‘Return-Free Risk’

In a world where some $18 trillion in debt "boasts" a negative yield, bonds no longer offer risk-free return, but rather "return-free risk." So says Leon Cooperman who, apropos of nothing, but I feel compelled to mention it anyway, literally cried on national television last year at the prospect of an Elizabeth Warren presidency. Cooperman's characterization of the bond market, delivered in a September interview with Bloomberg, is apt. The fixed income universe is, of course, distorted beyond

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5 thoughts on “‘Return-Free Risk’

    1. Several short-term muni funds get over 2% on a tax-adjusted basis. I have my grandson’s college fund in a nice Vanguard short-term corporate fund yielding ~2.4% (VCSH). Even have a small gain in that one.

  1. Come on H, there is an answer, I much rather be chased by Freddy Krueger, all you have to do survive is stay awake:
    One, Two, Freddy’s Coming For You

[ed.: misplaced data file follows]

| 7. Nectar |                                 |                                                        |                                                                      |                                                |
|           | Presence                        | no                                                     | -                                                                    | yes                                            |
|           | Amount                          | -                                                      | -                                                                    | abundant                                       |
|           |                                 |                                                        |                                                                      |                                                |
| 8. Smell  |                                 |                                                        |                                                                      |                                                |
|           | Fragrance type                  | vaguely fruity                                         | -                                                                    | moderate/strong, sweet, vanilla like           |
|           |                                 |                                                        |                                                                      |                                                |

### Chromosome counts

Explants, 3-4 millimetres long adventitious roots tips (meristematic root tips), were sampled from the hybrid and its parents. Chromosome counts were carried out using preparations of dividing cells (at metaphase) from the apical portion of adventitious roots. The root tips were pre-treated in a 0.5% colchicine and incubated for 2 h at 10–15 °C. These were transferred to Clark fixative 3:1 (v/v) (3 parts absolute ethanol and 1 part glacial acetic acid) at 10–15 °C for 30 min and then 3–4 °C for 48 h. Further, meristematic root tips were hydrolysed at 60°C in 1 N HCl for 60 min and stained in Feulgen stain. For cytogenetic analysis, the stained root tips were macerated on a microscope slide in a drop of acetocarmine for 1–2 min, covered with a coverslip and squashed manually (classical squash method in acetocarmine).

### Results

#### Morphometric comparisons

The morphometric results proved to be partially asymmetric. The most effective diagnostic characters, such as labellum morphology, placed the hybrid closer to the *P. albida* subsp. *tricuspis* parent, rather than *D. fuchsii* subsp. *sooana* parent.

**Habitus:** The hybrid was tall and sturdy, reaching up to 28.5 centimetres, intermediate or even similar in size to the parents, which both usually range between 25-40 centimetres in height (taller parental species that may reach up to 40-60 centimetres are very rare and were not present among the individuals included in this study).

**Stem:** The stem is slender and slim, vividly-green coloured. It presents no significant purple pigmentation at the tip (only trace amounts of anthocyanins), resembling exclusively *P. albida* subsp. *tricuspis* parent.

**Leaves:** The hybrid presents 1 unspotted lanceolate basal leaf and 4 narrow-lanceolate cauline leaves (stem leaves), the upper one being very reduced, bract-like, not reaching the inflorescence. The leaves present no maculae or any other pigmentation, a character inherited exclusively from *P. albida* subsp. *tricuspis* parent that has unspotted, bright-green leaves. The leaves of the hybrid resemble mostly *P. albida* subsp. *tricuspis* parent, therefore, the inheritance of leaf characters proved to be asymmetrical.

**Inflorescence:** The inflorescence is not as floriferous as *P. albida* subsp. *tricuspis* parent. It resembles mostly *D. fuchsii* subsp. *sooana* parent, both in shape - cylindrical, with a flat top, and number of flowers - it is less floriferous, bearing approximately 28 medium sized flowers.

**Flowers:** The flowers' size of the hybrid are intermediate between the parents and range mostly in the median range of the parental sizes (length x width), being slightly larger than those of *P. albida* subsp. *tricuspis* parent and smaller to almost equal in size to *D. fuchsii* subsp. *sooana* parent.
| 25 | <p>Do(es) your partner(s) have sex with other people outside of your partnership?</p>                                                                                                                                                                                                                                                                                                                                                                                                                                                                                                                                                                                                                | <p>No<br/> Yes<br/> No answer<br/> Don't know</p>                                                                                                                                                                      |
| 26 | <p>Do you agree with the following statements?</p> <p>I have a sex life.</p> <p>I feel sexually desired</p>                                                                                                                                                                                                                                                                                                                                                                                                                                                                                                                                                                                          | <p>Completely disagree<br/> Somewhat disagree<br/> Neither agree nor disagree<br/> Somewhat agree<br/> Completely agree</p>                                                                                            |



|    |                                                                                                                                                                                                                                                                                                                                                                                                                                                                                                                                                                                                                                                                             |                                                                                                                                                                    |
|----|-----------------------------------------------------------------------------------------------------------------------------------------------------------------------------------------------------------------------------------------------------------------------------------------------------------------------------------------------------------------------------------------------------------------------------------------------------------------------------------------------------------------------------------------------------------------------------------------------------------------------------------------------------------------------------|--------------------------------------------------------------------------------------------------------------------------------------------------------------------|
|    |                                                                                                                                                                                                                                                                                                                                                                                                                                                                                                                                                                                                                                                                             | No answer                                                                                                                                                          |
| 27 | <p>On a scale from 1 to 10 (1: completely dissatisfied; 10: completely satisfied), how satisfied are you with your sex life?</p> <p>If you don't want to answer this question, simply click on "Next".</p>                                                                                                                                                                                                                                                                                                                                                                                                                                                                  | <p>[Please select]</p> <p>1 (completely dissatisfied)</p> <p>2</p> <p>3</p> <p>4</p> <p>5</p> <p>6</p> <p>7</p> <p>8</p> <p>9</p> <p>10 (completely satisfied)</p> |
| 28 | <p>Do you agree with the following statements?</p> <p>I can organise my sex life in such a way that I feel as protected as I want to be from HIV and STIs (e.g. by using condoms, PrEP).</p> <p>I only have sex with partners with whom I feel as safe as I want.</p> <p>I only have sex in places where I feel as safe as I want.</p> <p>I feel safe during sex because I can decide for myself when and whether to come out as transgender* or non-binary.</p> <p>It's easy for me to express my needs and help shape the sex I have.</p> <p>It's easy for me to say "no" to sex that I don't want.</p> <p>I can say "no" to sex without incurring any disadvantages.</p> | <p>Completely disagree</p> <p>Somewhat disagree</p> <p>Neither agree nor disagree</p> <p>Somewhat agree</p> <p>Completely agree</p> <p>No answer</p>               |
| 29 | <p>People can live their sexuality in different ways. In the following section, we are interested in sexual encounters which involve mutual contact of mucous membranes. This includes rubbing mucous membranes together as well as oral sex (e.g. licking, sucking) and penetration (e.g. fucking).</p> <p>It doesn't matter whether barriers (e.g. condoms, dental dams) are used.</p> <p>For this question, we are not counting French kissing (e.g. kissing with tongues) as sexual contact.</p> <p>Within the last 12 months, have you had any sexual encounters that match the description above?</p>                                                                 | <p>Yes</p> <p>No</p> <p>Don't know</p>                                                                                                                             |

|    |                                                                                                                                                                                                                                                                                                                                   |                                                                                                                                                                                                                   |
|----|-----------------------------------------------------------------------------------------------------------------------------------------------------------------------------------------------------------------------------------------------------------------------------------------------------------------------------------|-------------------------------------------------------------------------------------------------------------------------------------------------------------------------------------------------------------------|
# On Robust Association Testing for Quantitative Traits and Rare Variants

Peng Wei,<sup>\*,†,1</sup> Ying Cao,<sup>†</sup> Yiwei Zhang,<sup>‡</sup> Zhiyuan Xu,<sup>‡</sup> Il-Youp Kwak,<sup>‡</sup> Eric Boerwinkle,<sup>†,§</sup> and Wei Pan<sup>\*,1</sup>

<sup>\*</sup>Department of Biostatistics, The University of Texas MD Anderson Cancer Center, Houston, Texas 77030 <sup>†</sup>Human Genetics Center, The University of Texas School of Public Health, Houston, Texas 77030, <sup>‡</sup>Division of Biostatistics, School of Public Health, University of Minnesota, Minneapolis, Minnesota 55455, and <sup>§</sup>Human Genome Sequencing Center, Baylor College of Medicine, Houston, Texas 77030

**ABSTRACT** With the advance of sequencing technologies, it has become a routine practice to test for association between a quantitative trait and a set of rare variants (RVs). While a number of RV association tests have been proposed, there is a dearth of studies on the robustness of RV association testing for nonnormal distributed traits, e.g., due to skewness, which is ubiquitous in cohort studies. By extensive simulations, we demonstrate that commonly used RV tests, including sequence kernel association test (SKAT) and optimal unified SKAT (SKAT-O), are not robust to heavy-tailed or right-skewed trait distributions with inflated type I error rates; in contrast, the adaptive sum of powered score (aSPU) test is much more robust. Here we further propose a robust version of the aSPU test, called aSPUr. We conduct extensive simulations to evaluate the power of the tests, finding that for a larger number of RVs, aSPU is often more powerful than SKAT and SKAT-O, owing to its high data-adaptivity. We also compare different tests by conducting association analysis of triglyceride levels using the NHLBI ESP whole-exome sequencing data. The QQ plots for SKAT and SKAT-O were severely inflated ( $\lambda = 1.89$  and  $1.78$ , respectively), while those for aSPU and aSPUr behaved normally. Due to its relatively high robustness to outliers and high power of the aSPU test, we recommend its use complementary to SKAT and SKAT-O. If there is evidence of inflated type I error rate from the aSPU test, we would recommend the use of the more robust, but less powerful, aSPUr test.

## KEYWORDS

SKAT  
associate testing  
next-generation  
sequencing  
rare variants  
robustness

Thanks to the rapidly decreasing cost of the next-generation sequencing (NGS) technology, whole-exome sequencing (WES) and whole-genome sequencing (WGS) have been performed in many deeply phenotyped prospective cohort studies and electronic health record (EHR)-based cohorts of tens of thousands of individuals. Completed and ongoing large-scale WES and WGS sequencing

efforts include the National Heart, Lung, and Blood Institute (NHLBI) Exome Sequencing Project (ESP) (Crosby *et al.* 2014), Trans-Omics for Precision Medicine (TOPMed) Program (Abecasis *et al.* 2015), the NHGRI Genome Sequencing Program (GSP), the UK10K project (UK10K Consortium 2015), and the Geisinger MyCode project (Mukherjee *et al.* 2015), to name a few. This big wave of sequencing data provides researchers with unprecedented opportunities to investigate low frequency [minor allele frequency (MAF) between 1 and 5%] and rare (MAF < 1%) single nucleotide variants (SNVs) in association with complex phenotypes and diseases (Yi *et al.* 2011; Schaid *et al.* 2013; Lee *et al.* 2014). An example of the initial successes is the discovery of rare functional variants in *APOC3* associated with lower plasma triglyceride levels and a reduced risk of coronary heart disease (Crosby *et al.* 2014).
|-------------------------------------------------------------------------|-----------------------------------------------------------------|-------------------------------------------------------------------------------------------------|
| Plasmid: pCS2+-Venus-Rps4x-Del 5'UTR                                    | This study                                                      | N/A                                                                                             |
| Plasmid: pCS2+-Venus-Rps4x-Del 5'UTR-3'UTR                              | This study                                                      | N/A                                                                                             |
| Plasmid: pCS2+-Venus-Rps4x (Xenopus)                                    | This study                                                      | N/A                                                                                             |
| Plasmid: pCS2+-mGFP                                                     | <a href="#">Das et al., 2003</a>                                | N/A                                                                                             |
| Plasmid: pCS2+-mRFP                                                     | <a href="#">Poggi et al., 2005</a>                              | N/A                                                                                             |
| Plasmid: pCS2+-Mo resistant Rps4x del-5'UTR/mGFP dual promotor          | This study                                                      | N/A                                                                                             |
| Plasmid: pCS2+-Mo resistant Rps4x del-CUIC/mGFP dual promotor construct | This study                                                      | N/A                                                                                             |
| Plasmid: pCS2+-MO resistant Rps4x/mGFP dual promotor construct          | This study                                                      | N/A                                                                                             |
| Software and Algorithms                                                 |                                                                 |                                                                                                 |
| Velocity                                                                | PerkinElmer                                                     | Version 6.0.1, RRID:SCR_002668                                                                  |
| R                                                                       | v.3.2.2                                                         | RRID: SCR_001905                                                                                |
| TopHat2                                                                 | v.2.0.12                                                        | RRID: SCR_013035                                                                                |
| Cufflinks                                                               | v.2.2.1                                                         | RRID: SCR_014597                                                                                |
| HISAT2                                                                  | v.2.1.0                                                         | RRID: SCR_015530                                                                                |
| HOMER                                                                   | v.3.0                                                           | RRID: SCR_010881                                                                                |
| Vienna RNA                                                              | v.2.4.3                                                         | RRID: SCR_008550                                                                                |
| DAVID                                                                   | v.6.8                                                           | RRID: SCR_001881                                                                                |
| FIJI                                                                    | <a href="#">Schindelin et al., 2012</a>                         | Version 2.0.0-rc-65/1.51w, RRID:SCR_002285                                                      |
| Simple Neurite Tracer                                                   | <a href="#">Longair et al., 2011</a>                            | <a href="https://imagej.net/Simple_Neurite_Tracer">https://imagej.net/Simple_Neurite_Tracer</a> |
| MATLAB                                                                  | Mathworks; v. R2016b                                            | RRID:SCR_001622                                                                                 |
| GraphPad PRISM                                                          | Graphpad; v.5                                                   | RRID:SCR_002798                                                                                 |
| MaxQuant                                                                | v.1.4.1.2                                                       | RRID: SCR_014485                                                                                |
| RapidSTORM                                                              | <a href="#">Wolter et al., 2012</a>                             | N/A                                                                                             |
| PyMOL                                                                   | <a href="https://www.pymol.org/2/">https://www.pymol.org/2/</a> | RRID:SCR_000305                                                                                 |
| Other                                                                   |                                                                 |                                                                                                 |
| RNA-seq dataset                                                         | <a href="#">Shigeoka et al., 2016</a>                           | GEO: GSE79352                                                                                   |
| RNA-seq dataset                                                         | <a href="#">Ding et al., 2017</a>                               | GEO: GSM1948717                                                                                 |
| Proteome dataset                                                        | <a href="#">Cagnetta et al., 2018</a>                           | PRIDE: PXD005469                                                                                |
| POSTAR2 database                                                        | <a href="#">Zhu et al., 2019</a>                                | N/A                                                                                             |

Three, Four Better Lock Your Door
    Five, Six Grab A Crucifix
    Nine, Ten Never Sleep Again

    Happy holidays, merry xmas or whatever you celebrate, thanks for all the great content in 2020

  2. Seems like maybe bonds as an asset class are over. What are portfolio managers going to do? What about the auto-allocation for all the 401(k) money? Who are the bag holders going to be?

    How is my life insurance company who has my policy going to be able to stay solvent long enough to pay out when I’m dead?

  3. Negative yields logic lays in Government bonds as a service: their use as collateral. Market operators are willing to pay Governments for the purpose to have a pristine asset to be used as collateral for repos and other complex structures.

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